Graham Reid | | 2 min read
After a decade of exceptional diversity on disc -- it started with the left-field Liverpool Sound Collage, there was the remix album Twin Freaks, another album as The Fireman as well as a classical thing and some straight-up Macca-rock albums -- it seems a shame that McCartney should end it in such a predictable manner: a double live.
This however has been his pattern: live albums have been spotted into his career with alarming frequency (in time for Christmas or at the close/start of a decade) and that Beatles back-catalogue has increasingly taken up the bulk of the set.
This one was recorded over three nights at the opening of the new Citi Field Stadium (next to the demolished Shea Stadium where the Beatles famously played in '65 and unwitting launched stadium rock). It has 20 out of the 33 songs pulled from the Beatle Years, including his tributes to Harrison on Something (starts on ukulele and then gets the full treatment) and to Lennon (by working in Give Peace a Chance into A Day in the Life) and also I Saw Her Standing There with Billy Joel.
When McCartney rocks out there is still no denying the power of his voice (later he also delivers his largely overlooked classic Little Richard moment with I'm Down) and although he has lost a little in the top and bottom he can still belt them out with exceptional oomph.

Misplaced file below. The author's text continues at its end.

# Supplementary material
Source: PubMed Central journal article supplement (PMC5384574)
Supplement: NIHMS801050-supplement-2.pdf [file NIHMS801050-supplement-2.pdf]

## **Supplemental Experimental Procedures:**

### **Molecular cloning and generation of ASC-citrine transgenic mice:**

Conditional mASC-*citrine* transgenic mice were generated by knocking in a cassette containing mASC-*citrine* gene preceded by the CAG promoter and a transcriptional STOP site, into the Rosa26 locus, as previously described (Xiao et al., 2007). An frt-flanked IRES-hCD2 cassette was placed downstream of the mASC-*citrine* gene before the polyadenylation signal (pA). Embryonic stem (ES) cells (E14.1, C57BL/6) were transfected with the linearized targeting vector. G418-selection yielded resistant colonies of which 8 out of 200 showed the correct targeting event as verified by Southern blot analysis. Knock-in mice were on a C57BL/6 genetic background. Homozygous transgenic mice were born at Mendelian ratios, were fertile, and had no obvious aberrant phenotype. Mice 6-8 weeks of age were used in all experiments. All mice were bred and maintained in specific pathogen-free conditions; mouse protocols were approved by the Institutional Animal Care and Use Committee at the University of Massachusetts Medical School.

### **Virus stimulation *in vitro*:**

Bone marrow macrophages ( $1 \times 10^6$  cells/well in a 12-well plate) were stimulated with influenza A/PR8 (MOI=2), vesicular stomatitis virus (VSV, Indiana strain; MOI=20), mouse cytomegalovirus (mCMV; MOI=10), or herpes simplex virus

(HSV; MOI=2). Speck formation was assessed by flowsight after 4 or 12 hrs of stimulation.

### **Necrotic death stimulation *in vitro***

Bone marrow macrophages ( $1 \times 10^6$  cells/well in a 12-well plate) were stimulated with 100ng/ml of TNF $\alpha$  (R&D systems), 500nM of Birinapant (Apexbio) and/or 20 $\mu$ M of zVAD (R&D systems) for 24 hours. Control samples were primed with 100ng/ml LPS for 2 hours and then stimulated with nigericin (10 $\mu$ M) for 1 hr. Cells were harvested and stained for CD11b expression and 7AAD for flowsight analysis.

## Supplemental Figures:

His weaknesses are more revealed in the ballads (The Long and Winding Road, Blackbird) but he delivers a wonderfully moving treatment of Here Today (written for Lennon after his murder) and a very persuasive A Day in the Life (with perfect Ringo drum fills from whomever, the band go uncredited on the cover).
The DVD is of course not only state-of-the-art film and sound (mixed by Geoff Emerick) but lets you get a sense of what an event this really was: he mentions the Beatles at Shea a couple of times and when they do I'm Down it is intercut with the Beatles playing it there; he actually chokes up doing Here Today; there is footage from the Beatles Rock Band game; Joel gets a massive hometown welcome (he had closed Shea and Macca had joined him onstage then); there are cutaways to the massive and enthusiastic crowd which crosses all ages; Live And Let Die is accompanied by a spectacular fireworks display . . .
And McCartney -- who may be wearing a truss? -- gives it his all.
For the most part he and his musicians keep things faithful -- although they slip a nod to Hendrix onto a blazing version of Let Me Roll It. They also extend -- in stadium-pleasing style -- I Got A Feeling and Paperback Writer.
And his Sgt Pepper coda segues into the mini-suite of fragments at the close of Abbey Road and leads inevitably to . . . . The End.
As always he includes Beatles material which he hasn't offered on live albums before (I don't think Helter Skelter, I'm Down or Got To Get You Into My LIfe have appeared previously) but largely this covers some very familiar ground, much of it on his 2002 live outings.
That said, as with all Macca live albums, he delivers quite a punch beyond nostalgia. This is ridiculously impressive, more so from a man dangerously close to 70.
Another decade ends. And a new one begins?